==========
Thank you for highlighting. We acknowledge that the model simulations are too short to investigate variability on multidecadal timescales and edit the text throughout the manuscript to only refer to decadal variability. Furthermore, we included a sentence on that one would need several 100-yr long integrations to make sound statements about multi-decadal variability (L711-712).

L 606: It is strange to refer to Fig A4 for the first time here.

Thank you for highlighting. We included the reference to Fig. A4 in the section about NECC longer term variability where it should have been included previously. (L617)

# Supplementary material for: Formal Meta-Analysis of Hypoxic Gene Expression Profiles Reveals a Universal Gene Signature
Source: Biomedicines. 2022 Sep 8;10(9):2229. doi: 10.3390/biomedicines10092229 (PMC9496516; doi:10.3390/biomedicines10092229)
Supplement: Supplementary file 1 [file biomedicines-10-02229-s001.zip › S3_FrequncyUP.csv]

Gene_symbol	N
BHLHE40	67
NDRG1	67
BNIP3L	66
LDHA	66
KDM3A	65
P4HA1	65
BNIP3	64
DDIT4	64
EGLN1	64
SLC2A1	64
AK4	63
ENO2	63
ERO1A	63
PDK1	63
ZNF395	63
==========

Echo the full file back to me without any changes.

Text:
Thank you for highlighting. We acknowledge that the model simulations are too short to investigate variability on multidecadal timescales and edit the text throughout the manuscript to only refer to decadal variability. Furthermore, we included a sentence on that one would need several 100-yr long integrations to make sound statements about multi-decadal variability (L711-712).

L 606: It is strange to refer to Fig A4 for the first time here.

Thank you for highlighting. We included the reference to Fig. A4 in the section about NECC longer term variability where it should have been included previously. (L617)

# Supplementary material for: Formal Meta-Analysis of Hypoxic Gene Expression Profiles Reveals a Universal Gene Signature
Source: Biomedicines. 2022 Sep 8;10(9):2229. doi: 10.3390/biomedicines10092229 (PMC9496516; doi:10.3390/biomedicines10092229)
Supplement: Supplementary file 1 [file biomedicines-10-02229-s001.zip › S3_FrequncyUP.csv]

Gene_symbol	N
BHLHE40	67
NDRG1	67
BNIP3L	66
LDHA	66
KDM3A	65
P4HA1	65
BNIP3	64
DDIT4	64
EGLN1	64
SLC2A1	64
AK4	63
ENO2	63
ERO1A	63
PDK1	63
ZNF395	63